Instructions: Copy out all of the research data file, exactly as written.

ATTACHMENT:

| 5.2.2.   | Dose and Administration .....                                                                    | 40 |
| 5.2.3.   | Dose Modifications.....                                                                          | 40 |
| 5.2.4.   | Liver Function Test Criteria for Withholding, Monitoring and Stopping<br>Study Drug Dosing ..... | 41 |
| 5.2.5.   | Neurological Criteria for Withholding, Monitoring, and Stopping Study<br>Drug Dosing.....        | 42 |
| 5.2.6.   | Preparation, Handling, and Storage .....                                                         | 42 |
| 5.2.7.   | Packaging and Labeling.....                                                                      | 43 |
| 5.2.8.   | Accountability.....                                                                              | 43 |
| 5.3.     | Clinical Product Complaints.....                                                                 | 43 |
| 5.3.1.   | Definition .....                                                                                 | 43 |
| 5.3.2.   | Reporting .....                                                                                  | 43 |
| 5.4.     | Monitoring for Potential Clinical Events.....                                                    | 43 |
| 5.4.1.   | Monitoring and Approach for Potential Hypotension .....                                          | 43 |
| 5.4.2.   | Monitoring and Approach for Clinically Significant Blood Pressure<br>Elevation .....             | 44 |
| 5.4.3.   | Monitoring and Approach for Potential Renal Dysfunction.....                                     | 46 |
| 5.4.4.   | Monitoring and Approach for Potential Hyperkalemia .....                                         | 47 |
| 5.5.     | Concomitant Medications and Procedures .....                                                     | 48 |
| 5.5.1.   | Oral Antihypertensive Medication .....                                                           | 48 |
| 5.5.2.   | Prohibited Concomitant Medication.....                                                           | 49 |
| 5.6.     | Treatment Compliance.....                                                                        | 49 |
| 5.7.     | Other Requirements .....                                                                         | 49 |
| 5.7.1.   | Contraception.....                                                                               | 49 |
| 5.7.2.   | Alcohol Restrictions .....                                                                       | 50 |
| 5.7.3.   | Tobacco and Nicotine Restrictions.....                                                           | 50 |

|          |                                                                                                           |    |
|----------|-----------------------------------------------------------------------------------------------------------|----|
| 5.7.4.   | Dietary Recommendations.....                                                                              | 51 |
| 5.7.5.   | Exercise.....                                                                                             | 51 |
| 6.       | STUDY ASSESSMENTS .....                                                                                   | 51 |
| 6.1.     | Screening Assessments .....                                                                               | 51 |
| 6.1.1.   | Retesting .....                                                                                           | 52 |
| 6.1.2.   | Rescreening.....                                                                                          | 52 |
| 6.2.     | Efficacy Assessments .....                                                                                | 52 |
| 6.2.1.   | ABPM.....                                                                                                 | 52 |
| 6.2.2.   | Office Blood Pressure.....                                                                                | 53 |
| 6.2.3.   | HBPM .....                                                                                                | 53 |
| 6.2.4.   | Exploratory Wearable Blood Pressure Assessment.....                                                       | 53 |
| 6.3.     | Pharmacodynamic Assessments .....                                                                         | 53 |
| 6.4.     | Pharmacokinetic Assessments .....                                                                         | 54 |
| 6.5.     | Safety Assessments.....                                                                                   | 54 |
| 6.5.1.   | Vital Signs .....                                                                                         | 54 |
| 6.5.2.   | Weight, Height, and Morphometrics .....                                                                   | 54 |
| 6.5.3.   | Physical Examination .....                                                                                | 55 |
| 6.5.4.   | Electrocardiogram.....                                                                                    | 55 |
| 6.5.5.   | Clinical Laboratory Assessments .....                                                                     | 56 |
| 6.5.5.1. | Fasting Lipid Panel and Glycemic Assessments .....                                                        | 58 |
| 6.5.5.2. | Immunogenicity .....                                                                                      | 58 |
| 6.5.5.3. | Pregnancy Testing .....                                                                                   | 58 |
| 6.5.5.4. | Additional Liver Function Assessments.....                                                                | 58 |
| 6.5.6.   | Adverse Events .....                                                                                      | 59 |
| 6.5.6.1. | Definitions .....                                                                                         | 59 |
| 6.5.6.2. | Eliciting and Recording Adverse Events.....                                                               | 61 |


| 5.2.2.   | Dose and Administration .....                                                                    | 40 |
| 5.2.3.   | Dose Modifications.....                                                                          | 40 |
| 5.2.4.   | Liver Function Test Criteria for Withholding, Monitoring and Stopping<br>Study Drug Dosing ..... | 41 |
| 5.2.5.   | Neurological Criteria for Withholding, Monitoring, and Stopping Study<br>Drug Dosing.....        | 42 |
| 5.2.6.   | Preparation, Handling, and Storage .....                                                         | 42 |
| 5.2.7.   | Packaging and Labeling.....                                                                      | 43 |
| 5.2.8.   | Accountability.....                                                                              | 43 |
| 5.3.     | Clinical Product Complaints.....                                                                 | 43 |
| 5.3.1.   | Definition .....                                                                                 | 43 |
| 5.3.2.   | Reporting .....                                                                                  | 43 |
| 5.4.     | Monitoring for Potential Clinical Events.....                                                    | 43 |
| 5.4.1.   | Monitoring and Approach for Potential Hypotension .....                                          | 43 |
| 5.4.2.   | Monitoring and Approach for Clinically Significant Blood Pressure<br>Elevation .....             | 44 |
| 5.4.3.   | Monitoring and Approach for Potential Renal Dysfunction.....                                     | 46 |
| 5.4.4.   | Monitoring and Approach for Potential Hyperkalemia .....                                         | 47 |
| 5.5.     | Concomitant Medications and Procedures .....                                                     | 48 |
| 5.5.1.   | Oral Antihypertensive Medication .....                                                           | 48 |
| 5.5.2.   | Prohibited Concomitant Medication.....                                                           | 49 |
| 5.6.     | Treatment Compliance.....                                                                        | 49 |
| 5.7.     | Other Requirements .....                                                                         | 49 |
| 5.7.1.   | Contraception.....                                                                               | 49 |
| 5.7.2.   | Alcohol Restrictions .....                                                                       | 50 |
| 5.7.3.   | Tobacco and Nicotine Restrictions.....                                                           | 50 |

|          |                                                                                                           |    |
|----------|-----------------------------------------------------------------------------------------------------------|----|
| 5.7.4.   | Dietary Recommendations.....                                                                              | 51 |
| 5.7.5.   | Exercise.....                                                                                             | 51 |
| 6.       | STUDY ASSESSMENTS .....                                                                                   | 51 |
| 6.1.     | Screening Assessments .....                                                                               | 51 |
| 6.1.1.   | Retesting .....                                                                                           | 52 |
| 6.1.2.   | Rescreening.....                                                                                          | 52 |
| 6.2.     | Efficacy Assessments .....                                                                                | 52 |
| 6.2.1.   | ABPM.....                                                                                                 | 52 |
| 6.2.2.   | Office Blood Pressure.....                                                                                | 53 |
| 6.2.3.   | HBPM .....                                                                                                | 53 |
| 6.2.4.   | Exploratory Wearable Blood Pressure Assessment.....                                                       | 53 |
| 6.3.     | Pharmacodynamic Assessments .....                                                                         | 53 |
| 6.4.     | Pharmacokinetic Assessments .....                                                                         | 54 |
| 6.5.     | Safety Assessments.....                                                                                   | 54 |
| 6.5.1.   | Vital Signs .....                                                                                         | 54 |
| 6.5.2.   | Weight, Height, and Morphometrics .....                                                                   | 54 |
| 6.5.3.   | Physical Examination .....                                                                                | 55 |
| 6.5.4.   | Electrocardiogram.....                                                                                    | 55 |
| 6.5.5.   | Clinical Laboratory Assessments .....                                                                     | 56 |
| 6.5.5.1. | Fasting Lipid Panel and Glycemic Assessments .....                                                        | 58 |
| 6.5.5.2. | Immunogenicity .....                                                                                      | 58 |
| 6.5.5.3. | Pregnancy Testing .....                                                                                   | 58 |
| 6.5.5.4. | Additional Liver Function Assessments.....                                                                | 58 |
| 6.5.6.   | Adverse Events .....                                                                                      | 59 |
| 6.5.6.1. | Definitions .....                                                                                         | 59 |
| 6.5.6.2. | Eliciting and Recording Adverse Events.....                                                               | 61 |